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The OH in Ohio | Review

Batteries not Included

Silliness and sincerity don’t mix well for Posey starrer.

Far from the notion that not getting any booty in Cleveland is the equivalent to a death row sentence, Billy Kent’s harmless indie rom com tries to offer a more mature perspective on 30-something yuppie/slacker dilemma but its combined bittersweet and silly packaging tries hard to achieve the big O in the laughs department and unfortunately The OH in Ohio is guilty of all things not having enough: climaxes. A limited release and both The House of Yes’ Parker Posey’s non-factor performance added to Danny Devito’s presence should ensure that this finds very little word-of-mouth and the handful of true Posey fans that exist.

They have the perfect glasses to toast to a perfect life, but unfortunately batteries can put a dent in a relationship, and the moment that Parker’s business woman character finds a new best friend, (who always works, never complains and you can carry in your purse) it sets her on a mission of a long series of men to find her beau with friends of Harvey Pekar and a predictable pony-tailed Casanova as the best she can find. Paul Rudd plays a teacher guilty of having other interests while his wife is guilty of being frigid, or perhaps not curious enough. In a narrative vein that is both Election with a pinch of John Waters’ A Dirty Shame, scribe Adam Wierzbianski’s tale takes on a dual role approach to self-discovery inside a framework that is such a stereotypical look at the 30-something generation.

That are some quirky bits that work – a Liza Minnelli could have been a joke gone bad, but surprisingly it puts a smirks on one’s face but then a particular boardroom pager sequence with Posey in the crossfire is far too cartoon-ish to make anyone convulse in warranted laughter. Not the neurotic flake from her Christopher Guest film appearances, or the emblematic presence in her slew of 90’s quirky characters, the former girl we used to call the “indie queen” manages to flash only some signs of luminosity – but her character is far too tweaked as the woman who discovers her sexual awakening. Despite the plain visual look to the film, the language and sexuality is head on straight but not particularly effective.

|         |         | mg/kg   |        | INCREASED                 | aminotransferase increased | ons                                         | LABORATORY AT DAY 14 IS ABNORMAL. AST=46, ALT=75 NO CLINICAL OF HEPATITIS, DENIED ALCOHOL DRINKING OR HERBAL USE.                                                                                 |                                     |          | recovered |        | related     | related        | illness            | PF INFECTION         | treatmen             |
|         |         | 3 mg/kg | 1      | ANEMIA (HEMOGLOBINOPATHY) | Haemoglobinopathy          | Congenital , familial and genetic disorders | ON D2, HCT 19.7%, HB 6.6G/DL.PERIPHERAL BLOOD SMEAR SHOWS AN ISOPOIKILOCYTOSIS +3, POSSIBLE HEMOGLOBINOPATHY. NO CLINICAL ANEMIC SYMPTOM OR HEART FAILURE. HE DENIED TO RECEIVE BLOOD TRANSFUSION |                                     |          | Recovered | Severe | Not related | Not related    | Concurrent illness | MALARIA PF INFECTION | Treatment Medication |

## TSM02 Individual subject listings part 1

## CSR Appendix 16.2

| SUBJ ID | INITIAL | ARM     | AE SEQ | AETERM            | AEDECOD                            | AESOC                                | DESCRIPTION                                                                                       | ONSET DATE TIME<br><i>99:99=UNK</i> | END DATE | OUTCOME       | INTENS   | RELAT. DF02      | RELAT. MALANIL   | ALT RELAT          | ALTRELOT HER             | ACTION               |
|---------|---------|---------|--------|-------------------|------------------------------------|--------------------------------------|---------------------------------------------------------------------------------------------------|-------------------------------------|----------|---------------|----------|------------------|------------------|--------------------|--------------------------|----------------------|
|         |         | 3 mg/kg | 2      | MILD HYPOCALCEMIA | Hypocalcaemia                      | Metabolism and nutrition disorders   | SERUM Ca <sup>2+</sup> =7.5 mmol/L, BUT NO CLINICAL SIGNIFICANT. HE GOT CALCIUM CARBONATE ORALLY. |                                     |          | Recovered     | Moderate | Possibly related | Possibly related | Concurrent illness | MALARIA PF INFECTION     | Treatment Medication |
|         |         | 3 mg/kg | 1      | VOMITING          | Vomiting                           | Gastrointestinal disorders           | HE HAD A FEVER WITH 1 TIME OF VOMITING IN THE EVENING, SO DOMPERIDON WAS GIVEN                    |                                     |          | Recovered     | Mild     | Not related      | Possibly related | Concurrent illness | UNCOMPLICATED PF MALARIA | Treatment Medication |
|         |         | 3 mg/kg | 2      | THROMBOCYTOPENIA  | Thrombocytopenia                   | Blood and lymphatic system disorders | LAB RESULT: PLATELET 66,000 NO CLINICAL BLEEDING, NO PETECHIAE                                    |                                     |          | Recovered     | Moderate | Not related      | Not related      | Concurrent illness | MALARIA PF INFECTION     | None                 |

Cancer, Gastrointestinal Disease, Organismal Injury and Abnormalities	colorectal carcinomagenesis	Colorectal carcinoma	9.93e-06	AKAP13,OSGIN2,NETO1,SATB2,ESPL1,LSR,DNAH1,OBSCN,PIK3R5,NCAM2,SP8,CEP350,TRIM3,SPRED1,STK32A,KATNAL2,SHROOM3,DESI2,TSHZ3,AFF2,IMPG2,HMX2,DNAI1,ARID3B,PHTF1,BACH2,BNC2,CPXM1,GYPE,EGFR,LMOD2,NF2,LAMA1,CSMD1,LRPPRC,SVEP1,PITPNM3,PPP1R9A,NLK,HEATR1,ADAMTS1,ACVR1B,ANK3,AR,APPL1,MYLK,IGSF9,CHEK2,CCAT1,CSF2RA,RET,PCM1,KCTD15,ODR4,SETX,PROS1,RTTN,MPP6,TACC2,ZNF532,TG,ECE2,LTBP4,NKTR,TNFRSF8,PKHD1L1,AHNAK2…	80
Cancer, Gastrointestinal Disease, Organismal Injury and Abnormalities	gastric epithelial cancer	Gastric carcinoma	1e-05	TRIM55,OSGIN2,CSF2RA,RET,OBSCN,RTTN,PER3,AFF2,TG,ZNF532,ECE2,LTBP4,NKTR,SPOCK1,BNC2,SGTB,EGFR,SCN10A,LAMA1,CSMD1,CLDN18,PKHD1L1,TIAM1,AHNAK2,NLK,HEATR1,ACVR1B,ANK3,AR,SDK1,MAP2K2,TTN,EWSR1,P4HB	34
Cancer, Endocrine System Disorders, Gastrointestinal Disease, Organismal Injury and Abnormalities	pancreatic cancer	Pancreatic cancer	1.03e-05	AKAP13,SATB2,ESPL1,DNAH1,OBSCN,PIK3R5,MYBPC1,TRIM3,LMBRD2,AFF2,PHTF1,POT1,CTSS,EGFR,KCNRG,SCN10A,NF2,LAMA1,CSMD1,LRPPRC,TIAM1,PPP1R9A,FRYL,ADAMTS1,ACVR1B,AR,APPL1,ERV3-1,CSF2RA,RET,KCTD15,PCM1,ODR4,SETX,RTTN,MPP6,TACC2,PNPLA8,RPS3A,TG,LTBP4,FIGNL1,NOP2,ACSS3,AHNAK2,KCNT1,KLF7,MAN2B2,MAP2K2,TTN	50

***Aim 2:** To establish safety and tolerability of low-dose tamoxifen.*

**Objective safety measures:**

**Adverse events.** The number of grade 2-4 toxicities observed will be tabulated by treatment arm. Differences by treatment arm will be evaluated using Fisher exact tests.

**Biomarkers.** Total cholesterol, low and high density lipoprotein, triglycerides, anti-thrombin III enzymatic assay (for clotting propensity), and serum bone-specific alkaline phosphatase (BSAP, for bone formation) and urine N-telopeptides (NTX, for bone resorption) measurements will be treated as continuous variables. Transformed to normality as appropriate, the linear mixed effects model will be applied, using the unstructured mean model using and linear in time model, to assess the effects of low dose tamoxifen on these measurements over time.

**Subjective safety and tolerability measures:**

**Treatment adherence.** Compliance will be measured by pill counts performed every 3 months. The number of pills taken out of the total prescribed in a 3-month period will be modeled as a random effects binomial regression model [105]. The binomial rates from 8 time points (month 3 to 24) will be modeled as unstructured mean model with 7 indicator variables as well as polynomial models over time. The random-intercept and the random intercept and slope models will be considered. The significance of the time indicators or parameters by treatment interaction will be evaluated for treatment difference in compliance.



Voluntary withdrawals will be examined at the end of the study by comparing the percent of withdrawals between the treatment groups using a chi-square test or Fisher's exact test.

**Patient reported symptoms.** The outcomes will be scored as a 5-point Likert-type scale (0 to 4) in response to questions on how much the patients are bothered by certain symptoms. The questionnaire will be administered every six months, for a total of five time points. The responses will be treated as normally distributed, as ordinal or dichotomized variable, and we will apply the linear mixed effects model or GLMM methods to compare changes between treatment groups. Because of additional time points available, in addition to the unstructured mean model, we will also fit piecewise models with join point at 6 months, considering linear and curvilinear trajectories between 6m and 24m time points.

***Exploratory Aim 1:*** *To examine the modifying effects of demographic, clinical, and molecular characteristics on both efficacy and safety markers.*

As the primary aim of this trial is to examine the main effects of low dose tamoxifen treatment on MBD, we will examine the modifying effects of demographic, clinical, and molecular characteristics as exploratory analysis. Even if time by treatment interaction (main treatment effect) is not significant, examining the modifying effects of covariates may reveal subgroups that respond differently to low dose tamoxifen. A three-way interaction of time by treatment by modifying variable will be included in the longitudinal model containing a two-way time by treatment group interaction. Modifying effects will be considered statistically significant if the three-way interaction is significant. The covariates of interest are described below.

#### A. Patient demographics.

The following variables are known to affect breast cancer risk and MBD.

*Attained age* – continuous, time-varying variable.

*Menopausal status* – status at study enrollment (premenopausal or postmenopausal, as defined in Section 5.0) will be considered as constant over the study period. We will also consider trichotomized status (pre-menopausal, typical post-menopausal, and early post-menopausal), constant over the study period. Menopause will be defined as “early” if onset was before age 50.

Even if the storyline follows a linear route and a mature ending and avoids the full circle ending, Kent banks on a tone that is all silliness – it thus camouflages any witty commentary that could and should have made it inside this film. Milking all the tax-cut money possible out of a Cleveland shoot, this might tickle some funny-bones in older audiences, but one would have a hard time imagining how The OH in Ohio could strike a cord with anyone conscious of their G-spot – which in this sexual liberated generation is pretty much everyone.

Rating 0.5 stars

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Eric Lavallée is the founder, CEO, editor-in-chief, film journalist and critic at (founded in 2000). Eric is a regular at Sundance, Cannes and TIFF. He has a BFA in Film Studies at the Mel Hoppenheim School of Cinema. In 2013 he served as a Narrative Competition Jury Member at the SXSW Film Festival. He was an associate producer on Mark Jackson's This Teacher (2018 LA Film Festival, 2018 BFI London). In 2022 he served as a New Flesh Comp for Best First Feature at the 2022 Fantasia Intl. Film Festival. Current top films for 2022 include Tár (Todd Field), All That Breathes (Shaunak Sen), Aftersun (Charlotte Wells).

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